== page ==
Contractor Qualified Professional
Credit
Comment
7.4.1 - Hot Water Systems, Controls, Flues & Vents

Hot Water Heater - Near End of Life Expectancy

The hot water heater is near/at the end of the its life expectancy, which in accordance with manufacture's suggested service life, is about 8 to 12 years. Recommend to monitor its heating effectiveness and water quality, and to budget for the future replacement of the water heater.

Mag glass Monitor
Credit
Comment
7.4.2 - Hot Water Systems, Controls, Flues & Vents

Water Heater Leaking

At the time of the inspection, standing water was found inside the drip pan. No water was found leaking from the water lines ontop of the unit, and suspect water is coming out of the bottom of the water heater. Recommend further evaluation by a qualified Plumber.

Contractor Qualified Professional

8 - Electrical

IN NI NP D
8.1 Service Entrance Conductors X
8.2 Main & Subpanels, Service & Grounding, Main Overcurrent Device X
8.3 Branch Wiring Circuits, Breakers & Fuses X
8.4 Lighting Fixtures, Switches & Receptacles X X
8.5 GFCI & AFCI X X
8.6 Smoke Detectors X X
8.7 Carbon Monoxide Detectors X
Main & Subpanels, Service & Grounding, Main Overcurrent Device: Panel Capacity
225 AMP
Main & Subpanels, Service & Grounding, Main Overcurrent Device: Panel Manufacturer
Cutler Hammer
Main & Subpanels, Service & Grounding, Main Overcurrent Device: Panel Type
Circuit Breaker
Main & Subpanels, Service & Grounding, Main Overcurrent Device: Sub Panel Location
N/A
Branch Wiring Circuits, Breakers & Fuses: Branch Wire 15 and 20 AMP
Copper
Branch Wiring Circuits, Breakers & Fuses: Wiring Method
Romex
Service Entrance Conductors: Electrical Service Conductors
240 Volts
Main & Subpanels, Service & Grounding, Main Overcurrent Device: Main Panel Location
Front, Bedroom

I. The inspector shall inspect: A. the service drop; B. the overhead service conductors and attachment point; C. the service head, gooseneck and drip loops; D. the service mast, service conduit and raceway; E. the electric meter and base; F. service-entrance conductors; G. the main service disconnect; H. panelboards and over-current protection devices (circuit breakers and fuses); I. service grounding and bonding; J. a representative number of switches, lighting fixtures and receptacles, including receptacles observed and deemed to be arc-fault circuit interrupter (AFCI)-protected using the AFCI test button, where possible; K. all ground-fault circuit interrupter receptacles and circuit breakers observed and deemed to be GFCIs using a GFCI tester, where possible; and L. smoke and carbon-monoxide detectors. II. The inspector shall describe: A. the main service disconnect's amperage rating, if labeled; and B. the type of wiring observed. III. The inspector shall report as in need of correction: A. deficiencies in the integrity of the serviceentrance conductors insulation, drip loop, and vertical clearances from grade and roofs; B. any unused circuit-breaker panel opening that was not filled; C. the presence of solid conductor aluminum branch-circuit wiring, if readily visible; D. any tested receptacle in which power was not present, polarity was incorrect, the cover was not in place, the GFCI devices were not properly installed or did not operate properly, evidence of arcing or excessive heat, and where the receptacle was not grounded or was not secured to the wall; and E. the absence of smoke detectors. IV. The inspector is not required to: A. insert any tool, probe or device into the main panelboard, sub-panels, distribution panelboards, or electrical fixtures. B. operate electrical systems that are shut down. C. remove panelboard cabinet covers or dead fronts. D. operate or re-set over-current protection devices or overload devices. E. operate or test smoke or carbon-monoxide detectors or alarms F. inspect, operate or test any security, fire or alarms systems or components, or other warning or signaling systems. G. measure or determine the amperage or voltage of the main service equipment, if not visibly labeled. H. inspect ancillary wiring or remote-control devices. I. activate any electrical systems or branch circuits that are not energized. J. inspect low-voltage systems, electrical de-icing tapes, swimming pool wiring, or any timecontrolled devices. K. verify the service ground. L. inspect private or emergency electrical supply sources, including, but not limited to: generators, windmills, photovoltaic solar collectors, or battery or electrical storage facility. M. inspect spark or lightning arrestors. N. inspect or test de-icing equipment. O. conduct voltage-drop calculations. P. determine the accuracy of labeling. Q. inspect exterior lighting.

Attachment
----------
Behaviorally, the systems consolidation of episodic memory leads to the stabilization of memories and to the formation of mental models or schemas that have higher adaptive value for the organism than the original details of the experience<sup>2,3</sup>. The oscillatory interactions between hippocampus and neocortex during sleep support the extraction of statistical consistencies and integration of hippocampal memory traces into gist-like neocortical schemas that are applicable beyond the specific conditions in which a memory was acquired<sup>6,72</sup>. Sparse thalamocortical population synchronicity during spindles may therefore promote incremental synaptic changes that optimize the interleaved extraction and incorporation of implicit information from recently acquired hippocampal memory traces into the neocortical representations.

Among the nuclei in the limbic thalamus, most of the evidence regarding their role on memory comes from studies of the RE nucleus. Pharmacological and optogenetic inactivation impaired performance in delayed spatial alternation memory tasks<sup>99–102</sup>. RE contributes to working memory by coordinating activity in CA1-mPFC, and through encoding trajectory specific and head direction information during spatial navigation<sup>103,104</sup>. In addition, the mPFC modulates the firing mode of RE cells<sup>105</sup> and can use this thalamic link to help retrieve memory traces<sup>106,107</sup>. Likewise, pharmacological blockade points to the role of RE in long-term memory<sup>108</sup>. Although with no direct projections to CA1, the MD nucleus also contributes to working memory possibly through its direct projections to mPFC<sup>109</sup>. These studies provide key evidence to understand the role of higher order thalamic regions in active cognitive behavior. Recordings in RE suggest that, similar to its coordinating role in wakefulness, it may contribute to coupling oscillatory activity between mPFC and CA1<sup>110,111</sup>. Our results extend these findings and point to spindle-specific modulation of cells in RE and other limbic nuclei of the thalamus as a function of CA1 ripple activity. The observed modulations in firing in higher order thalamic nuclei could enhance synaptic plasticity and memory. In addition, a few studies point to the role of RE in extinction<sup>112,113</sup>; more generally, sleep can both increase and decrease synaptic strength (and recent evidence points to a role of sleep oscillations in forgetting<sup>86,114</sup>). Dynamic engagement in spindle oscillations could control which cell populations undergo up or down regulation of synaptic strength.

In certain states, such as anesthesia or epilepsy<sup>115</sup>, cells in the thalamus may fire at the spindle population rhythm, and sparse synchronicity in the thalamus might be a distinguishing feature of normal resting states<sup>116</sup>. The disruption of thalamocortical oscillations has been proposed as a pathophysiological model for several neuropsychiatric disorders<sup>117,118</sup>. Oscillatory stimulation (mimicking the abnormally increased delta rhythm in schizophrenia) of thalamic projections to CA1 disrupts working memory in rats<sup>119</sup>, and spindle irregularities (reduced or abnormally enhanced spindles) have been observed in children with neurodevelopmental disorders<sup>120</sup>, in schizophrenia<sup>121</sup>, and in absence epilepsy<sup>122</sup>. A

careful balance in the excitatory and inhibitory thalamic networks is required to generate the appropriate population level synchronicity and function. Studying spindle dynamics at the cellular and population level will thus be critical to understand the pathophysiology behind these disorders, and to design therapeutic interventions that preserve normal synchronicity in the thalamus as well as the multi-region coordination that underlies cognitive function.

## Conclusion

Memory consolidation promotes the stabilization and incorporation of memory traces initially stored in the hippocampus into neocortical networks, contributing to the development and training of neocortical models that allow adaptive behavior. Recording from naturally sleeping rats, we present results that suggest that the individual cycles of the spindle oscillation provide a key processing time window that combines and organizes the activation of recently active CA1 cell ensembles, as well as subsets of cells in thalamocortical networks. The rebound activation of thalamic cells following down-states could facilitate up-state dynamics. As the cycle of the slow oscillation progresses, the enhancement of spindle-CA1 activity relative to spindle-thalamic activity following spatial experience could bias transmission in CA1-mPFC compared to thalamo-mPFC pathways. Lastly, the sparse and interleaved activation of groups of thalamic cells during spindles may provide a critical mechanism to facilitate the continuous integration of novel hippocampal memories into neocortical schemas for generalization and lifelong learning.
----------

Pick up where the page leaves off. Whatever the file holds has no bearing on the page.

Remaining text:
• IN = Inspected
  • NI = Not Inspected
  • NP = Not Present
  • D = Deficiencies
Credit
Comment
8.4.1 - Lighting Fixtures, Switches & Receptacles

Loose Electrical Outlets

One or more electrical outlets were found to be loose. This could lead to possible electrical arching and could become very dangerous. Recommend a qualified Electrician, Handyman or DIY, to remediate issue.